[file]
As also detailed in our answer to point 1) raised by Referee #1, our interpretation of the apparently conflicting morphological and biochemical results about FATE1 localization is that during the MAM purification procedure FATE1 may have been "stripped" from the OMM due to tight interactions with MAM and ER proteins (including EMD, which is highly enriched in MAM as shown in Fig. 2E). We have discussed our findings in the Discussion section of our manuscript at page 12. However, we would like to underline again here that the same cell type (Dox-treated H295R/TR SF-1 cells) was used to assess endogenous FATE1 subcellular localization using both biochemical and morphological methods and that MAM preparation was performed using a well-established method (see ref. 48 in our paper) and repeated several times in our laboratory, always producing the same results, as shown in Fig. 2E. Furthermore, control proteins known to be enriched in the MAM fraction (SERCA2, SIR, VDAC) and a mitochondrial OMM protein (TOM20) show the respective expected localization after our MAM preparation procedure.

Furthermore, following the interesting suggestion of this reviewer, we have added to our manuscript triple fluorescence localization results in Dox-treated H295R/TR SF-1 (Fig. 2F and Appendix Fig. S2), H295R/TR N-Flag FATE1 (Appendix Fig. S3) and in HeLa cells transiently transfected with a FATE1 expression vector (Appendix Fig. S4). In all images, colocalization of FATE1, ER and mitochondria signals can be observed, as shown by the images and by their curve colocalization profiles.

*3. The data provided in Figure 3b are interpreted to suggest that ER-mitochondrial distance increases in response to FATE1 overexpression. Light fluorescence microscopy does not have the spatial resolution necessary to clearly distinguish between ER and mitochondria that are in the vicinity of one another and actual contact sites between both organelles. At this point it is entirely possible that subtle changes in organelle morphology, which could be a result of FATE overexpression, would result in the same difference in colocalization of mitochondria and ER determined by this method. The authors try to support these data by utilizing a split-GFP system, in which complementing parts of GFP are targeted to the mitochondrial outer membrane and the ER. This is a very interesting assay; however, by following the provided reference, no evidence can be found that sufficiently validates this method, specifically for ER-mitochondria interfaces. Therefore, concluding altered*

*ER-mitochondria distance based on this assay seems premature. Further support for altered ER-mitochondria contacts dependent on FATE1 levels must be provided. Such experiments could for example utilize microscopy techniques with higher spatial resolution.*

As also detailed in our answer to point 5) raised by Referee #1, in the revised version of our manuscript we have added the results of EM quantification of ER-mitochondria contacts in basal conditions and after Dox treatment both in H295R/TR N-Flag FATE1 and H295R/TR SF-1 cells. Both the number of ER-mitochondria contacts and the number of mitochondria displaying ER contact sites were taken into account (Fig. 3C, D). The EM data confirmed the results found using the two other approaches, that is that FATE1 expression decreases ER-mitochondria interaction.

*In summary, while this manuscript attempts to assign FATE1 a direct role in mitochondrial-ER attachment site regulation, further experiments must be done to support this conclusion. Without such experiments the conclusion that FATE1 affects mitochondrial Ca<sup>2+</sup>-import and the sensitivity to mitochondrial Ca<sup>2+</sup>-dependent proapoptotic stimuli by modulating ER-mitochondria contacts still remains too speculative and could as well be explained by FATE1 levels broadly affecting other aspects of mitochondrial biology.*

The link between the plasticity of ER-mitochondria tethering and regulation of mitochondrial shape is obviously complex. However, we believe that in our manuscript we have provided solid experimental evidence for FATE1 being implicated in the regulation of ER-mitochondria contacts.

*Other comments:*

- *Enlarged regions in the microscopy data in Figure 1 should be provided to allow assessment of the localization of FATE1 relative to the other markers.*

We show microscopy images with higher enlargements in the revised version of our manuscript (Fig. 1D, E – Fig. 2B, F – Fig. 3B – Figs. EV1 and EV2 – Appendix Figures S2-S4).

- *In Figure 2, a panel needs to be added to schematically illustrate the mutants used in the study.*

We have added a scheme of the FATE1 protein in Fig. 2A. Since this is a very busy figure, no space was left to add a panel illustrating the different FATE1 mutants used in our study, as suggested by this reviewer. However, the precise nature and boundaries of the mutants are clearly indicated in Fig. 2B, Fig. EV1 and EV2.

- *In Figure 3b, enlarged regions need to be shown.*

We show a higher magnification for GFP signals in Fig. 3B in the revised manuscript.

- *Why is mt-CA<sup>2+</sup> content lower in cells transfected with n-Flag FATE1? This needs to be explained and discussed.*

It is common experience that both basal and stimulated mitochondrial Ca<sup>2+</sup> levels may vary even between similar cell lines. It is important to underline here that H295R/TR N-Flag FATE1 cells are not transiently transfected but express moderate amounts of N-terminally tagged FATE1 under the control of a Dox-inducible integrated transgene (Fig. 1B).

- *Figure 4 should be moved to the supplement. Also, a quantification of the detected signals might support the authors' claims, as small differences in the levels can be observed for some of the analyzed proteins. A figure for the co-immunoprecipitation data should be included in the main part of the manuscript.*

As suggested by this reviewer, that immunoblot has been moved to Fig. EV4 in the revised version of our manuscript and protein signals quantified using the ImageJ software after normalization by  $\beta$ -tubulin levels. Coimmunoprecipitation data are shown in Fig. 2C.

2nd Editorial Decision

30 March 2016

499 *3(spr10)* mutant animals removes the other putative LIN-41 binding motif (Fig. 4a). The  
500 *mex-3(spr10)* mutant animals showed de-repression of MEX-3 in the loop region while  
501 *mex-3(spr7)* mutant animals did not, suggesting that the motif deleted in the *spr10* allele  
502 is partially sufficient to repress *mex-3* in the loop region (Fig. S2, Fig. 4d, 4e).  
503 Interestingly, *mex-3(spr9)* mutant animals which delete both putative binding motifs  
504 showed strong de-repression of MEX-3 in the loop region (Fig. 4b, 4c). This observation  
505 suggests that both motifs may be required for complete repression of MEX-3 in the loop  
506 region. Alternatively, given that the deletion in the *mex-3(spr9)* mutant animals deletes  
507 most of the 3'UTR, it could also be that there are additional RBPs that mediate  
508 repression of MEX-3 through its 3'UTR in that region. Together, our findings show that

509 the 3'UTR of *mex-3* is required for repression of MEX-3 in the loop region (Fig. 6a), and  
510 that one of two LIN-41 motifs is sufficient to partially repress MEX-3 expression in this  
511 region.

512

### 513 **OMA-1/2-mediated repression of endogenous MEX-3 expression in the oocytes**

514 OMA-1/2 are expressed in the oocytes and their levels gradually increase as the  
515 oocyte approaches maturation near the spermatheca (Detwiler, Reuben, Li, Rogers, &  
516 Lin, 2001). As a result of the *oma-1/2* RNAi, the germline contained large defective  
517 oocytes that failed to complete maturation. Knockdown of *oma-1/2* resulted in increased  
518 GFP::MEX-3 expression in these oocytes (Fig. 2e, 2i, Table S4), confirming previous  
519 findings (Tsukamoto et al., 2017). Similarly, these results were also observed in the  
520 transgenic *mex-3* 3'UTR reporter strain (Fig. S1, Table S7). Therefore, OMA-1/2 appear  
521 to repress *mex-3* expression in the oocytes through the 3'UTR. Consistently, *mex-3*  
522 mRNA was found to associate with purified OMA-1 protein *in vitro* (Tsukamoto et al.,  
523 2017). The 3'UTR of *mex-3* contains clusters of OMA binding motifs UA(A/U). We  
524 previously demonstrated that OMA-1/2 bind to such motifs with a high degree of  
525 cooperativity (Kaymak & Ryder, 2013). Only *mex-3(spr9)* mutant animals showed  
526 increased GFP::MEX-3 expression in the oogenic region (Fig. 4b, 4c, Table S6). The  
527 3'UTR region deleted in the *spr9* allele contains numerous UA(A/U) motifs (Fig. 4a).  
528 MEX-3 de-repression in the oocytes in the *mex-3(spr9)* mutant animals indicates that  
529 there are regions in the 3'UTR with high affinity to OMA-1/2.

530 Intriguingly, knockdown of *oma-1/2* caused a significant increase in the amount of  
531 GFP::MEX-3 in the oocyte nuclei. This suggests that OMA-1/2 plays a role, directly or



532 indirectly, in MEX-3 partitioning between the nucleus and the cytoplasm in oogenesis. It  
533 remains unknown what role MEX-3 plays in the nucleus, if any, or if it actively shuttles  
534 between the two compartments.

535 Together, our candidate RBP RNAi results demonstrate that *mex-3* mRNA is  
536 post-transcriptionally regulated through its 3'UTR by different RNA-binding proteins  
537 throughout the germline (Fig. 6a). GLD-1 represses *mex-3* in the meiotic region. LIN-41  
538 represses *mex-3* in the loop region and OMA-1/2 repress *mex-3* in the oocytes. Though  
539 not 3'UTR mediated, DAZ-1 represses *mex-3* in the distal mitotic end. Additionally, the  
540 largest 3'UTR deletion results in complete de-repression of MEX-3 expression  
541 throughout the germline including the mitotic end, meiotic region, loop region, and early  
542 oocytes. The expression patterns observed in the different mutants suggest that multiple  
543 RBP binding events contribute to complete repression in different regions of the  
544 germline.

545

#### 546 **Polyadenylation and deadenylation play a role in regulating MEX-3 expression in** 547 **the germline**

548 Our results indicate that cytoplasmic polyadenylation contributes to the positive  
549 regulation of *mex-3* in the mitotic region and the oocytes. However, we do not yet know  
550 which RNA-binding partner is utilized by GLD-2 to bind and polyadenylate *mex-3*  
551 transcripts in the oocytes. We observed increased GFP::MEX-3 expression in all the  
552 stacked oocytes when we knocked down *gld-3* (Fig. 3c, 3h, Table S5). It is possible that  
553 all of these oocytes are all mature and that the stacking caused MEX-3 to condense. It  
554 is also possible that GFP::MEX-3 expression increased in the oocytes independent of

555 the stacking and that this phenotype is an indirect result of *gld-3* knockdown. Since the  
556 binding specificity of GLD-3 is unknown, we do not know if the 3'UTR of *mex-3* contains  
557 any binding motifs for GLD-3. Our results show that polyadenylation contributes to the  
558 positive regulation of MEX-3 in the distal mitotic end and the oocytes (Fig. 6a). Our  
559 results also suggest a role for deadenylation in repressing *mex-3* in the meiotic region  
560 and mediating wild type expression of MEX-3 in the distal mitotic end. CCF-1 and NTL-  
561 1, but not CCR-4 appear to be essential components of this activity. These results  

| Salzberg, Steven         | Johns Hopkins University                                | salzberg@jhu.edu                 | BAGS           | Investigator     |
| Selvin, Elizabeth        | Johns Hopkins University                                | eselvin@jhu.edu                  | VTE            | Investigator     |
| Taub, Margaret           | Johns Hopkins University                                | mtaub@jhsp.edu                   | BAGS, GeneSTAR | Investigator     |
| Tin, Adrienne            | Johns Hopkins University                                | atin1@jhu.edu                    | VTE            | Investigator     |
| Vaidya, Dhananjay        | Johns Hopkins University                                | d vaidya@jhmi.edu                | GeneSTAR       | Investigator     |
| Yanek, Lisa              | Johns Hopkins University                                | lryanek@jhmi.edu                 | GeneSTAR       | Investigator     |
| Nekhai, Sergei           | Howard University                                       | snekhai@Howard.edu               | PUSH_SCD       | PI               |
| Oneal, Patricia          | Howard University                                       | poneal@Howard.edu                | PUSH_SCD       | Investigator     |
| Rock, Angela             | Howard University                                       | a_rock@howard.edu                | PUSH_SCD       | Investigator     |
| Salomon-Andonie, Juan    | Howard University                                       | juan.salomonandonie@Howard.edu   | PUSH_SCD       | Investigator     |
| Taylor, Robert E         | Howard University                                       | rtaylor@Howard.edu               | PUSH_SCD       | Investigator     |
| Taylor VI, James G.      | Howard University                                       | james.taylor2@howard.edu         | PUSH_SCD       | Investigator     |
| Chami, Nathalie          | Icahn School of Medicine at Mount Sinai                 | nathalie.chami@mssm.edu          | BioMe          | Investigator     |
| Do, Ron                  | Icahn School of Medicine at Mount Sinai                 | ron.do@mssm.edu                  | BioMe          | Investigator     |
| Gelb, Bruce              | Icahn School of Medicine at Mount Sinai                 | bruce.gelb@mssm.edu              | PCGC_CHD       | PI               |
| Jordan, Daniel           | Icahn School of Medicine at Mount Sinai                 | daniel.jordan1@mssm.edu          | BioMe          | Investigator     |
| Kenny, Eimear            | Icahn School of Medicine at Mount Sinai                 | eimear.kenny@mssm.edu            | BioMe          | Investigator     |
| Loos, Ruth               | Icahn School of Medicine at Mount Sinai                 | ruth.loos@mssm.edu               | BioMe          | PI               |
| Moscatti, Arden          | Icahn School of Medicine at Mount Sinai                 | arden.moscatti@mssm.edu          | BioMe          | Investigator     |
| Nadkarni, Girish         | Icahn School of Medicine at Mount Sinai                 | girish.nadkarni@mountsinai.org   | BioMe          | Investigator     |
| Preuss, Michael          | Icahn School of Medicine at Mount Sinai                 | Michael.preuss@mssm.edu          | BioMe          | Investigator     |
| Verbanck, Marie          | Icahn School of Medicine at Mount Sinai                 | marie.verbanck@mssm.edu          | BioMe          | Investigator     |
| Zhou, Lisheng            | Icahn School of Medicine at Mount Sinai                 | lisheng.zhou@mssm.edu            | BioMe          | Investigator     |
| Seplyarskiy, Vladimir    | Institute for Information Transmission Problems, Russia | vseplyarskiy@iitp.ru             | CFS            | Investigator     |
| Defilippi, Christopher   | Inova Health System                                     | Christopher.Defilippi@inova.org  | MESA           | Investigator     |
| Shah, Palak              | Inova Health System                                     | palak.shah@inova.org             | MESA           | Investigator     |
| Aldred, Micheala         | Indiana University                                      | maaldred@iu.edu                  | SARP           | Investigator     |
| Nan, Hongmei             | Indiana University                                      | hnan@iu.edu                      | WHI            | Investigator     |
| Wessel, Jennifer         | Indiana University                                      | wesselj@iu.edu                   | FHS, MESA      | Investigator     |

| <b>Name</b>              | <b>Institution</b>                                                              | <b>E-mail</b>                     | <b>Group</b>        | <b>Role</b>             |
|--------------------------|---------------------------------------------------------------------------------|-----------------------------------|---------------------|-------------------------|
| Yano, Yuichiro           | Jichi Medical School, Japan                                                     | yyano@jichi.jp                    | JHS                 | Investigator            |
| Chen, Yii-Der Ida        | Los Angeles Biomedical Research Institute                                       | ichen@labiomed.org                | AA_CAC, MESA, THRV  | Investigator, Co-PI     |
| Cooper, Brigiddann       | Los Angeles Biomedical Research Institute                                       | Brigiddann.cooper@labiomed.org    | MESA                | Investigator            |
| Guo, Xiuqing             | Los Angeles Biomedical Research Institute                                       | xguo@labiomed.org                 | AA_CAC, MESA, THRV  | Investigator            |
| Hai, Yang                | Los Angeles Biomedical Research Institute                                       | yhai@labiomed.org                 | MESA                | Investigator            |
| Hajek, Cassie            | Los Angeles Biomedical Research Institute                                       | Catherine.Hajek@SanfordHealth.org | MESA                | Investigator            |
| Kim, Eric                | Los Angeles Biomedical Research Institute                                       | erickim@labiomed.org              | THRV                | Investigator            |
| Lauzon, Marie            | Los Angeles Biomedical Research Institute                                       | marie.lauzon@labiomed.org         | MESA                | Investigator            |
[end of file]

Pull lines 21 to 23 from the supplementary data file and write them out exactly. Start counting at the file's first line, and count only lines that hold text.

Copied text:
499 *3(spr10)* mutant animals removes the other putative LIN-41 binding motif (Fig. 4a). The  
500 *mex-3(spr10)* mutant animals showed de-repression of MEX-3 in the loop region while  
501 *mex-3(spr7)* mutant animals did not, suggesting that the motif deleted in the *spr10* allele  